Music has the power to enrich lives. That's why Carnegie Mellon is working to put keyboards into the classrooms of many Pittsburgh public schools through a project funded by the Grable Foundation.
"It's so vitally important for music to be part of the curriculum in every school," said Carnegie Mellon's Natalie Ozeas, associate head of the School of Music. "We don't deny that reading and math are important, but they are not enough."
The students are not only learning how to play keyboards but also improvising and composing their own music. The impact, according to Ozeas, has not gone unnoticed.
"The students are eager to come to class. They show up for concerts in the evenings," she explained. "In a time when urban school attendance is a problem, our programs provide a reason to come to school."
So far, about 470 keyboards and teaching materials have been placed in 23 local schools through the project. In addition to providing funding, the Grable Foundation will occasionally provide an exceptionally gifted student with his or her own keyboard for home use.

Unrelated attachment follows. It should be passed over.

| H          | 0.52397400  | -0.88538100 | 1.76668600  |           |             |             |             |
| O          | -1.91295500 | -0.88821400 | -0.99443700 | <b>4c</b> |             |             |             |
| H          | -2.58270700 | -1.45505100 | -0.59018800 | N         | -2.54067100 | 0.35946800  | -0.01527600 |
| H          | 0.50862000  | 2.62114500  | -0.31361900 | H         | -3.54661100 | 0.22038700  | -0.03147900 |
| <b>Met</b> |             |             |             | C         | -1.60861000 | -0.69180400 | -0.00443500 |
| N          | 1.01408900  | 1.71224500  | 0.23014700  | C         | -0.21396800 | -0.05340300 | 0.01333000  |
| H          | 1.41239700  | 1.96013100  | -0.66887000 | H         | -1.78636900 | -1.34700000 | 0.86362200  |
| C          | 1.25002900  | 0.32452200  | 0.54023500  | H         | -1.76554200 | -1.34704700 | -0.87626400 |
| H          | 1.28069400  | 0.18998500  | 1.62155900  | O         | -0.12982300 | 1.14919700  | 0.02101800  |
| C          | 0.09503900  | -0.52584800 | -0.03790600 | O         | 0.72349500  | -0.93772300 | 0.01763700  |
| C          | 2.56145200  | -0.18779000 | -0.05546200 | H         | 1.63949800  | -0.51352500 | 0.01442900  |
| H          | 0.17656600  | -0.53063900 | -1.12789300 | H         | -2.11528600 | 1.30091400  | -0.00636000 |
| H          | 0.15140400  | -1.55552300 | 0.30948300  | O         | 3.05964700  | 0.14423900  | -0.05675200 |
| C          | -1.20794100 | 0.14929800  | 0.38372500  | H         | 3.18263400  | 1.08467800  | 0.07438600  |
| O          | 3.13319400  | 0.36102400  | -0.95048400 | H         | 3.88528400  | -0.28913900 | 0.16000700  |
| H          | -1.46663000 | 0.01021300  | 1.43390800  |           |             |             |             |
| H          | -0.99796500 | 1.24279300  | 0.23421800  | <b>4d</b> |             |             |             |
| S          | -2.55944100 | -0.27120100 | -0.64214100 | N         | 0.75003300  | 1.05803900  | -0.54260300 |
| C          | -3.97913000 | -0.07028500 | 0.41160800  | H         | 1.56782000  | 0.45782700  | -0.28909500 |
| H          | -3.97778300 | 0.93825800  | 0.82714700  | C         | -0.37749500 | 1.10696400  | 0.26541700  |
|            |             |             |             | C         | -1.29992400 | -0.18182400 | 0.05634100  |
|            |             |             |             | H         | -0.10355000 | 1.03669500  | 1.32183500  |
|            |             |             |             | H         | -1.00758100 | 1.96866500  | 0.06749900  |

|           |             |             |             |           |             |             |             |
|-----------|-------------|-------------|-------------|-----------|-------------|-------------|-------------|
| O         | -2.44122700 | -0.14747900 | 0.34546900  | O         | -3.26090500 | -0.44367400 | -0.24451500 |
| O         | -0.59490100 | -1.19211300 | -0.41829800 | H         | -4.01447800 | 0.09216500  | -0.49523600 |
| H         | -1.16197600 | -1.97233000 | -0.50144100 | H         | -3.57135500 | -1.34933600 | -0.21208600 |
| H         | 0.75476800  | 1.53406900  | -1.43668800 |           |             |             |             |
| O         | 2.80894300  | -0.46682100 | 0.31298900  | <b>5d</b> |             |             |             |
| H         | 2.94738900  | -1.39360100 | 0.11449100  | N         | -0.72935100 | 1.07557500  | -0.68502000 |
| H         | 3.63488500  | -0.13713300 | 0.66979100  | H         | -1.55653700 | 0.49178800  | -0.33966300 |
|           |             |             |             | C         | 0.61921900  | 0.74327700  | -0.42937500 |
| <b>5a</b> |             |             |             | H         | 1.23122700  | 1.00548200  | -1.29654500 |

Ozeas also works with the Professional Development for Urban Music Educators project in 18 high poverty schools in Pittsburgh and Wilkinsburg. An enrichment curriculum has been developed to actively engage students in music making.
Based on "hands-on" learning experiences, the curriculum uses World Drumming, Dalcroze eurhythmics, Hip Hop and workshops with members of the River City Brass Band (RCBB) in which the kids can ask questions and observe real musicians working behind the scenes.
The students have also been working with conductor Denis Colwell to plan a concert by RCBB exclusively for the schools in the project. In this concert, an ensemble of students will perform World Drumming with the band.
This is just one of the many ways in which Carnegie Mellon professors and students are working with schools, companies and other entities to make a positive impact in the Pittsburgh region.